America

Postmaster: We Photograph Your Mail, But Not To Snoop

A 2002 photo of the San Francisco Processing and Distribution Center. i i

A 2002 photo of the San Francisco Processing and Distribution Center. Justin Sullivan/Getty Images hide caption

itoggle caption Justin Sullivan/Getty Images
A 2002 photo of the San Francisco Processing and Distribution Center.

A 2002 photo of the San Francisco Processing and Distribution Center.

Justin Sullivan/Getty Images

The head of the U.S. Postal Service has acknowledged that every piece of domestic mail is photographed for processing and that the information is sometimes made available to law enforcement, according to The Associated Press.

In an interview with the news agency, Postmaster General Patrick Donahoe says that exterior images of individual pieces of mail are snapped at some 200 processing facilities around the country primarily for sorting purposes, but that the images have been used "a couple of times" by law enforcement to trace letters in criminal cases.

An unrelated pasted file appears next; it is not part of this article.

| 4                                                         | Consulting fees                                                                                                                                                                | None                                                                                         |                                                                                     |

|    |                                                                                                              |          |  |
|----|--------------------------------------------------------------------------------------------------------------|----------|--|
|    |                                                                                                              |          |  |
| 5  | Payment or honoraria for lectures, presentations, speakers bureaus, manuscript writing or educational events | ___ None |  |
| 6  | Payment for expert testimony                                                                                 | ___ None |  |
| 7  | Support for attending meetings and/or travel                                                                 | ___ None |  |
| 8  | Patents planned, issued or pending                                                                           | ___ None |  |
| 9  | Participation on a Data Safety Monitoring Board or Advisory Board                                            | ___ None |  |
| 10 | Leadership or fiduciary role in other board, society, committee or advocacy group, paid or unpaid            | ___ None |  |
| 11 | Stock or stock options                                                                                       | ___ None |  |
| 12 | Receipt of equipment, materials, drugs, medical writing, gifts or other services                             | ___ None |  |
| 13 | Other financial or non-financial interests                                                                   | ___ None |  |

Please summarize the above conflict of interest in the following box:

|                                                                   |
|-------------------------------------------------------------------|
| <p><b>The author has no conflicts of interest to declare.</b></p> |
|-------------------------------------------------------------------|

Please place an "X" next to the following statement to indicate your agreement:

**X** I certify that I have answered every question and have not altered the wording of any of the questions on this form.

Donahoe appears to confirm a report by The New York Times last month that provided details of something called the Mail Isolation and Tracking program and a "longtime surveillance system called mail covers":

"Postal Service computers photograph the exterior of every piece of paper mail that is processed in the United States — about 160 billion pieces last year. It is not known how long the government saves the images.

"Together, the two programs show that postal mail is subject to the same kind of scrutiny that the National Security Agency has given to telephone calls and e-mail."

Donahoe tells the AP that the images are not collected in a single database nor are they kept for any longer than a week to a month.

"It's extremely expensive to keep pictures of billions of pieces of mail. So there's no need for us to do that," he says.

Donahoe says the most recent example involved ricin-laced letters sent to President Obama and New York Mayor Michael Bloomberg. The automated program was created after the 2001 anthrax attacks to track hazardous substances, he says.

"We don't snoop on customers," he says.

Comments

 

Please keep your community civil. All comments must follow the NPR.org Community rules and terms of use, and will be moderated prior to posting. NPR reserves the right to use the comments we receive, in whole or in part, and to use the commenter's name and location, in any medium. See also the Terms of Use, Privacy Policy and Community FAQ.